But the other Maximian [Galerius], whom Diocletian attached to himself as son-in-law, was worse, not only than those other two whom our own times knew, but also worse than all the evil rulers there have ever been. A natural barbarism was inherent in this beast, a savagery alien to Roman blood. Nor was this strange, since his mother, a woman from the other side of the Danube, had fled into new Dacia by crossing the river when the Carpians were infesting the land. His bodily appearance was in keeping with his character: towering in stature and massive in corpulence, he was swollen and spread to a horrible magnitude. With voice and action and appearance, he struck fear and terror into all.

Even his father-in-law had a very great fear of him. This was its cause. Narses, king of the Persians, under the inspiration of the example of his grandfather and ancestors, was eager to seize upon the Orient with great forces. Then Diocletian, as he was fearful and cast down in spirit at every upset and fearing, at the same time, the lot ofValerian1 did not dare to stand in his way, but he sent this man (his son-in-law) to Armenia, himself remaining in the Orient to observe the turn of events. The son-in-law, using the tricks which it is the custom for barbarians to use in conducting war with all their own peoples, attacked the enemy, impeded because of their number and burdened with packs, without difficulty. When King Narses had been put to flight, he returned with booty and huge spoils, adding haughtiness to himself and fear to Diocletian. After this victory, he was exalted to such heights that he was now taking honor from the name of Caesar. When he had learned this from letters brought to him, he shouted in a terrible voice and with a violent expression: "How long will it be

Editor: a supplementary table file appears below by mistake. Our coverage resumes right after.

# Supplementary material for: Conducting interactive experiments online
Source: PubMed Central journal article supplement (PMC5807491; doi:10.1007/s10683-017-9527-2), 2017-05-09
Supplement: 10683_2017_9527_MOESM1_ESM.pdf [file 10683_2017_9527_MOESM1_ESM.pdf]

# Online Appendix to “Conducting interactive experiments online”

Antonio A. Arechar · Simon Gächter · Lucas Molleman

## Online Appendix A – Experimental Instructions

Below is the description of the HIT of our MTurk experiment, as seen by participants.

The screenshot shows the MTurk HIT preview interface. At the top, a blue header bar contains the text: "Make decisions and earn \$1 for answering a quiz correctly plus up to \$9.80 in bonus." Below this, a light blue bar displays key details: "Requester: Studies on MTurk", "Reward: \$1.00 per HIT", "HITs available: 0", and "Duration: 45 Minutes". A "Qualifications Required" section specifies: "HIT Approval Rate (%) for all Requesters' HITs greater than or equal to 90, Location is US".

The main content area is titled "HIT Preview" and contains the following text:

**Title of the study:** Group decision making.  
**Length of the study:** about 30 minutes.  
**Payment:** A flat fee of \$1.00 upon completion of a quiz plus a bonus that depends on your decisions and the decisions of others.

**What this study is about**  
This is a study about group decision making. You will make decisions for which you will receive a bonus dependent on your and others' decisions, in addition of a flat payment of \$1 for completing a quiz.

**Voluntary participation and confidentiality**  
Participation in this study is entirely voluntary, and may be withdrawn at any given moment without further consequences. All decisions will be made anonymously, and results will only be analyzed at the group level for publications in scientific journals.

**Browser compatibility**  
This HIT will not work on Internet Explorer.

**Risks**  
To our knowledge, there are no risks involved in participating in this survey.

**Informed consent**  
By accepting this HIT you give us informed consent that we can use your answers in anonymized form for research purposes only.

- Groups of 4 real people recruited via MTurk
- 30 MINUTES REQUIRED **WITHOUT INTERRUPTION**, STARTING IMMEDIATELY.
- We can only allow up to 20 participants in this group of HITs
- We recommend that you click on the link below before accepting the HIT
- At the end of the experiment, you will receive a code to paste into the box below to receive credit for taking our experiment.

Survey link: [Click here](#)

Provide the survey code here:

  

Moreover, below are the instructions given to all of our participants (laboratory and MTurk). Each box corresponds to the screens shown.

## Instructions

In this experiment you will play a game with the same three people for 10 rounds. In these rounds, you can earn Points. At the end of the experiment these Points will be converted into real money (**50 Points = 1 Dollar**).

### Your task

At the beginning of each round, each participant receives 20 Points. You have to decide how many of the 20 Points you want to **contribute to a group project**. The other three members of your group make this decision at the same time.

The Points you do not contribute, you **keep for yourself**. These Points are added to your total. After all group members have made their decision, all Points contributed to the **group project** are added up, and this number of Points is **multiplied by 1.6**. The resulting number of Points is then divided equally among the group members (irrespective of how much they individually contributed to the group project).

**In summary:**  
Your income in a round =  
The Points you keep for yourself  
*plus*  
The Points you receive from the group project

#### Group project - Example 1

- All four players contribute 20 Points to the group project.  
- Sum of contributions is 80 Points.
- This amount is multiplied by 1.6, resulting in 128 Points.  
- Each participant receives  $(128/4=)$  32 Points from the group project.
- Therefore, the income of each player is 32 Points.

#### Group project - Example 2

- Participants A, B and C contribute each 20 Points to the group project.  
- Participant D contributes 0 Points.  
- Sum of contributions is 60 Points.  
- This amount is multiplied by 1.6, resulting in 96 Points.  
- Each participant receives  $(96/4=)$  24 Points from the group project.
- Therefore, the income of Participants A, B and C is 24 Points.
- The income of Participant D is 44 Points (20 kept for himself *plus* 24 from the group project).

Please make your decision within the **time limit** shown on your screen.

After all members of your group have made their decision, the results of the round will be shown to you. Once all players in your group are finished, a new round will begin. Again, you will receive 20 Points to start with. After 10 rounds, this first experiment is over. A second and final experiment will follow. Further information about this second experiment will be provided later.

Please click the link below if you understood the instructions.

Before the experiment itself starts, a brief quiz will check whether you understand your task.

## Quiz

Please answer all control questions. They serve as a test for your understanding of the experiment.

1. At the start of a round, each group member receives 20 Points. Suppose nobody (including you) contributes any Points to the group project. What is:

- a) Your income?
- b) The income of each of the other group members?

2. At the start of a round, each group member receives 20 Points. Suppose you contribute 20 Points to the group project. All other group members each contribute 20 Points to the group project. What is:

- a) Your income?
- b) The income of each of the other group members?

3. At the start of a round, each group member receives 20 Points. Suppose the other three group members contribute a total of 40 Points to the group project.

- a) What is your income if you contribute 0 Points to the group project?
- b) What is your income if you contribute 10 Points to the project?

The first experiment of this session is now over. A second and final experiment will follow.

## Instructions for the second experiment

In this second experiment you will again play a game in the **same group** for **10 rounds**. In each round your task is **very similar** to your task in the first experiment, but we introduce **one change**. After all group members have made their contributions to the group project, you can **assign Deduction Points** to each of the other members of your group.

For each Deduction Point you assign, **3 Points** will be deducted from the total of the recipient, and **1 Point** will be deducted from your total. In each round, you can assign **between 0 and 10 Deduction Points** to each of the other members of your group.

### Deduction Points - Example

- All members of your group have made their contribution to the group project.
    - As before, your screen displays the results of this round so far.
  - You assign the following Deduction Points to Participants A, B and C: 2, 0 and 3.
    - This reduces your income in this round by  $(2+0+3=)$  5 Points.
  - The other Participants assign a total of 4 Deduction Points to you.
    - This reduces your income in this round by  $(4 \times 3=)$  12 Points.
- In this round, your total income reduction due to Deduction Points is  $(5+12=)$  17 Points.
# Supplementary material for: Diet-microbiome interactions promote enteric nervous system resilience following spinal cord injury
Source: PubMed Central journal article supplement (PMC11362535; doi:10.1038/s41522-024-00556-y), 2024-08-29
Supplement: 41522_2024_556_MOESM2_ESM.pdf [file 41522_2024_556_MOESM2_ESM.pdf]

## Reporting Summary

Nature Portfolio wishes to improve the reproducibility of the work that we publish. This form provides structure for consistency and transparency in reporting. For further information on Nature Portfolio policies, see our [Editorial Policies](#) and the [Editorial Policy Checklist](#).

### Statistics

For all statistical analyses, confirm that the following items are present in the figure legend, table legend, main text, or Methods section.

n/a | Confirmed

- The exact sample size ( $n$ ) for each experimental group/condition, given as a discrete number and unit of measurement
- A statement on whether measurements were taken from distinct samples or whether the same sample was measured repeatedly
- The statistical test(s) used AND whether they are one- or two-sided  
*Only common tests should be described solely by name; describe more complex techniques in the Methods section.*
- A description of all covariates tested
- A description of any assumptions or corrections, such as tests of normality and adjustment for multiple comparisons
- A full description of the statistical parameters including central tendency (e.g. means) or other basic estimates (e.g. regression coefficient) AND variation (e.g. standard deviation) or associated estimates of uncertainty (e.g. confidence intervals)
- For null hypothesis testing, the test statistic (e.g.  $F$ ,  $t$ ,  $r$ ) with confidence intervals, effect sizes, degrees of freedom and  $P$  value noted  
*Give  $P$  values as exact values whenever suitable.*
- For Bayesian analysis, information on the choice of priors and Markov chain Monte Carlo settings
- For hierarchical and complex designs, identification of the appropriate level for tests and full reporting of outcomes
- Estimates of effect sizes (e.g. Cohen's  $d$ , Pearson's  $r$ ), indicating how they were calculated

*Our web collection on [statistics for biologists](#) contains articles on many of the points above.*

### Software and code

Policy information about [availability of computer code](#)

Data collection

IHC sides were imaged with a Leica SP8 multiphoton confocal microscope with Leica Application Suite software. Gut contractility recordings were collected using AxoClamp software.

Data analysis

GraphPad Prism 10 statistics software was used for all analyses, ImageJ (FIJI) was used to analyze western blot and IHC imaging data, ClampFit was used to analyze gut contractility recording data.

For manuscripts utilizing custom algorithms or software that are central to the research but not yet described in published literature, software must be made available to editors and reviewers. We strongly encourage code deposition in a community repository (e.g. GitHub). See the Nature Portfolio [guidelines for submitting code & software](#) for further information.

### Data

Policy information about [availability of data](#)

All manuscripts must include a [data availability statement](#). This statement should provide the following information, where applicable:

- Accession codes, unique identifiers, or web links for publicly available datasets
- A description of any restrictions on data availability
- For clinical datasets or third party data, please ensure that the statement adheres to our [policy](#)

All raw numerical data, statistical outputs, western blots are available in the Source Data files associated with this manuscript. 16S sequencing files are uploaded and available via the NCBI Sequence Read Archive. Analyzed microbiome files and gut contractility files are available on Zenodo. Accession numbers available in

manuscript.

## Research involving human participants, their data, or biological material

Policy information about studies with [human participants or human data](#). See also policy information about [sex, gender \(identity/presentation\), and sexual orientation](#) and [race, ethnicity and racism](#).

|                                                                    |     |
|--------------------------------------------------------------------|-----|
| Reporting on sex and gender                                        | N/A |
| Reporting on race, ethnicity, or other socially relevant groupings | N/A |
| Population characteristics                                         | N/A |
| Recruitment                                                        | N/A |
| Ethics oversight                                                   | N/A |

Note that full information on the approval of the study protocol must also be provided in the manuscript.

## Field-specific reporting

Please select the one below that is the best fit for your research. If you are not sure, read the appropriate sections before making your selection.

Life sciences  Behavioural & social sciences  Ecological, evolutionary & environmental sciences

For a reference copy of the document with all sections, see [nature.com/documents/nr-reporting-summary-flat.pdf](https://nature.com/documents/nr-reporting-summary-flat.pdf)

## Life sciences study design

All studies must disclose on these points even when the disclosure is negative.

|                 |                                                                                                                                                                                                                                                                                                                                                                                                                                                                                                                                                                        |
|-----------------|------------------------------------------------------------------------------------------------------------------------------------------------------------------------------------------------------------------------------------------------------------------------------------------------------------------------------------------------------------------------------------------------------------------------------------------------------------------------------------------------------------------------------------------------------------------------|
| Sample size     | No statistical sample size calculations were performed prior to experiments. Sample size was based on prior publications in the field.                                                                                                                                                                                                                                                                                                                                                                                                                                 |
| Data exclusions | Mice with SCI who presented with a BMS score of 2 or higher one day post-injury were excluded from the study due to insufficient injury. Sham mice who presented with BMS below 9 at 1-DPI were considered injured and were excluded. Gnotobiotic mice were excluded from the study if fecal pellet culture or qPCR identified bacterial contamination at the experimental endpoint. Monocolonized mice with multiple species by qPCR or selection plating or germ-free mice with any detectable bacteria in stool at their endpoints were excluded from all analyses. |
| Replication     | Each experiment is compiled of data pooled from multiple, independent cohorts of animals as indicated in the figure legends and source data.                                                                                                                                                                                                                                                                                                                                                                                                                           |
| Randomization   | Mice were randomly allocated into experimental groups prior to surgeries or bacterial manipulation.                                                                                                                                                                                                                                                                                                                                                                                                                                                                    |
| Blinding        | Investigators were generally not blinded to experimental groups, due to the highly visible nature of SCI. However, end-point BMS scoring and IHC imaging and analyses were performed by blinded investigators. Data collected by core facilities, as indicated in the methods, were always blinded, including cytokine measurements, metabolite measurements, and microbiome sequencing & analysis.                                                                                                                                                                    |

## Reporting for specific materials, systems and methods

1 The Emperor Valerian (d. 260) was captured and executed by the Persian King Shapur I.

'Caesar' ?" Then he began to rant most insolently that he wished to be seen and spoken of as sprung from Mars and that he preferred to be as another Romulus and to soil the reputation of his mother, Romula, with disgrace, in order that he himself might seem sprung from the gods.

But I am postponing a discussion of his deeds so as not to confuse the time order. For after he had accepted the title of emperor, his father-in-law despoiled and out of the way, then he began to rage wildly at last and to despoil all things.

Diocles—for thus he was called before his reign— although he subverted the state with such plans and such accomplices, and although for his crimes he did not gain anything like what he merited, reigned, however, a long time and with great felicity, for as long as he did not defile his hands with the blood of the just.

Now I will reveal the cause which finally led him to instigate a persecution.

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